Thomas Friedman warns his readers that having the government as a shareholder in banks might stifle innovation because the government might force banks to become overly cautious. If Friedman had taken the time to look at the details of the recapitalization plan, pesky though they are, he'd see that the government is only getting nonvoting shares. He also suggests that banks might become overly cautious because their CEOs will be worried about a scolding from a Congressional committee, which is an argument that only someone who has never worked in either finance or government would make. (Note that in Friedman's hypothetical example, the two young entrepreneurs walk into a bank and immediately talk to the bank president, who then personally evaluates their loan application. I wonder if Friedman has ever actually been to a bank before.) He also says that the thing we need more than anything is "better management" at banks. How does he propose that we accomplish this?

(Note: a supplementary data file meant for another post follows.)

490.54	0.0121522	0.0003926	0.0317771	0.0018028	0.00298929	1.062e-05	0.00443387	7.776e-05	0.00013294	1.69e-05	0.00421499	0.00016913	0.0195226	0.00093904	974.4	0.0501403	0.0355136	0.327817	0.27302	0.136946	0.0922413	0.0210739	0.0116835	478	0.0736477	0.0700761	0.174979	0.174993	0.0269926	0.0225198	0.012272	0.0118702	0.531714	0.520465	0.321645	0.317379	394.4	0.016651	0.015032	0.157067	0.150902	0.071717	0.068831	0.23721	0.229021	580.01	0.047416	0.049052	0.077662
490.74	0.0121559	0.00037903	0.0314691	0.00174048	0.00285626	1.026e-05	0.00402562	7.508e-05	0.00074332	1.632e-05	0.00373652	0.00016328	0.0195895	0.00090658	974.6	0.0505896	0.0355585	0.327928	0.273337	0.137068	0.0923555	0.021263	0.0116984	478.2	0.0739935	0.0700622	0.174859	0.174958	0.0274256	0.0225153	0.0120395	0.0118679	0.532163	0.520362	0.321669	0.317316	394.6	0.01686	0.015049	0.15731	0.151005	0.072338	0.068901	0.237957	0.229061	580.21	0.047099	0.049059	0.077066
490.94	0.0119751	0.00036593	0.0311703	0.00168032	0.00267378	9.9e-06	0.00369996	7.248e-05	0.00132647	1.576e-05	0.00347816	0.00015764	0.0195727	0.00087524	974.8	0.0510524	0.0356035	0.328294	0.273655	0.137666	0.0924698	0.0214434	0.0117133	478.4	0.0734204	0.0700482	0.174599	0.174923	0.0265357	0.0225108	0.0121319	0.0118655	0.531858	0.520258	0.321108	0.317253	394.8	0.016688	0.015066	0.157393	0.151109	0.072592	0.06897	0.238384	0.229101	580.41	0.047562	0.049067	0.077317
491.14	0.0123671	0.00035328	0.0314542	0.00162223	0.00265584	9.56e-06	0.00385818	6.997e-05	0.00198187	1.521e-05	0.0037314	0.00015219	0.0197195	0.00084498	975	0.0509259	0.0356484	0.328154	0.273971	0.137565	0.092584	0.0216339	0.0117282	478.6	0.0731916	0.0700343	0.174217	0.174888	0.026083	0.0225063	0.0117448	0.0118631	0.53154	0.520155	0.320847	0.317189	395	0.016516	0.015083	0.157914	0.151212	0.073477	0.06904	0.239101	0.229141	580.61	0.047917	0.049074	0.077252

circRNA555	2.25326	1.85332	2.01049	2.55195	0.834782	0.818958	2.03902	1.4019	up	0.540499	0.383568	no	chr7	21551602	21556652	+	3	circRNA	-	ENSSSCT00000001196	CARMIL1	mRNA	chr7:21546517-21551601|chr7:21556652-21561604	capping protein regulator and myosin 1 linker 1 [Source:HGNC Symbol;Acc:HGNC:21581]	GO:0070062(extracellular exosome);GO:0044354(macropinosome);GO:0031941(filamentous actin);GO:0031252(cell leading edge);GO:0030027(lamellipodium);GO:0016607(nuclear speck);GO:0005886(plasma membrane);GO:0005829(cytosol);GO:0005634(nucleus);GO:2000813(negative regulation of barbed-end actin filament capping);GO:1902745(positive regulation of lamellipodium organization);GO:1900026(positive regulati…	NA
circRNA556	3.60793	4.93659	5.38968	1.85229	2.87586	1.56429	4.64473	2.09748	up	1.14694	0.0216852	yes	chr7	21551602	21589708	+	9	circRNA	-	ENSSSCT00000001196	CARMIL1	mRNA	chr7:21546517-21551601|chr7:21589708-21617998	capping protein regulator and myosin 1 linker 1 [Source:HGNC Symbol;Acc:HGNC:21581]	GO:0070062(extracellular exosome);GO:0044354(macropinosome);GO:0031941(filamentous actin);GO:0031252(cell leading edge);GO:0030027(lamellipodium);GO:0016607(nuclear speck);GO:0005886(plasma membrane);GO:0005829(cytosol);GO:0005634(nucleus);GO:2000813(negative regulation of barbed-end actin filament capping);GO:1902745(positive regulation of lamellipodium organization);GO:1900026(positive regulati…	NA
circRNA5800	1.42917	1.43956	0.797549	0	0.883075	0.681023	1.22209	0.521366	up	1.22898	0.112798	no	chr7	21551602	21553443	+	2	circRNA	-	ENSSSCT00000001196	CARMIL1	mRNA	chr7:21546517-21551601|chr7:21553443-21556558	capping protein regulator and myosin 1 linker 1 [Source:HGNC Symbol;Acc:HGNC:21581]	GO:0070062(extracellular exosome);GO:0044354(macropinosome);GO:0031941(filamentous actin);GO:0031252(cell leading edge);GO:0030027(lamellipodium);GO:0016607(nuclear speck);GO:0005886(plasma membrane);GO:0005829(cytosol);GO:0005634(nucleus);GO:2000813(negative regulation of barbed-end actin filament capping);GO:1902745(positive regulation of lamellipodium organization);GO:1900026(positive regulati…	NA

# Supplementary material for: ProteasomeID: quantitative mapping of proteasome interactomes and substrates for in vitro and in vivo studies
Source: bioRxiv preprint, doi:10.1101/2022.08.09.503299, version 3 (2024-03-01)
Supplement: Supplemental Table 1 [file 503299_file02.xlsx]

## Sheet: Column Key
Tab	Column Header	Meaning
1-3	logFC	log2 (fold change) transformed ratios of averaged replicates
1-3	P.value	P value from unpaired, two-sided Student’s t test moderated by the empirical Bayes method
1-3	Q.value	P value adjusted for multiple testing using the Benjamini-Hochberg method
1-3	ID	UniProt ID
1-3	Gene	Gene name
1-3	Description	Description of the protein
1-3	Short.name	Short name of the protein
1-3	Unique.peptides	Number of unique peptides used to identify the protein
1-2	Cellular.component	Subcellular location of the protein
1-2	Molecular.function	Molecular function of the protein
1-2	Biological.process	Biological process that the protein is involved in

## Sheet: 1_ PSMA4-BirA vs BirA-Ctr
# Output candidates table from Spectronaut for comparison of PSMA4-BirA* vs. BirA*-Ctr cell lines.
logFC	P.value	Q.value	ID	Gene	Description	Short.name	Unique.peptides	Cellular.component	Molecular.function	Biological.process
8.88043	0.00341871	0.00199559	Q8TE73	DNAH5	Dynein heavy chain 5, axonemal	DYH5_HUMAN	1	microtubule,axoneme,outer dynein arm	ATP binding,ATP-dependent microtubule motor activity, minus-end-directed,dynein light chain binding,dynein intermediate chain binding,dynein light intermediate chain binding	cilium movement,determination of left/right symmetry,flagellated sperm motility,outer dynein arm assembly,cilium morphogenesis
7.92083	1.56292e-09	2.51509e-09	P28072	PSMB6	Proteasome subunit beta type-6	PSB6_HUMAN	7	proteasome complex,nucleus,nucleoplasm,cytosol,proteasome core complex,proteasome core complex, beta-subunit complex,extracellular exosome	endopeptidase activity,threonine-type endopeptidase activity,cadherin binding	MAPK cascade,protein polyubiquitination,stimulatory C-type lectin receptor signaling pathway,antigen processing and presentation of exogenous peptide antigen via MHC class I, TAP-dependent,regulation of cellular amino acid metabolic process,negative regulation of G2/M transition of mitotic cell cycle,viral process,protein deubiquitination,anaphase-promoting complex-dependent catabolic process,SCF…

Save the system, install smart regulations and get the government out of the banking business as soon as possible so that the surviving banks can freely and unabashedly get back into their business: risk-taking without recklessness.So in order to get better management at banks, Friedman thinks the government needs to get out of the existing management's way. Wow. Final score for today's column: Logic - 2; Friedman - 0.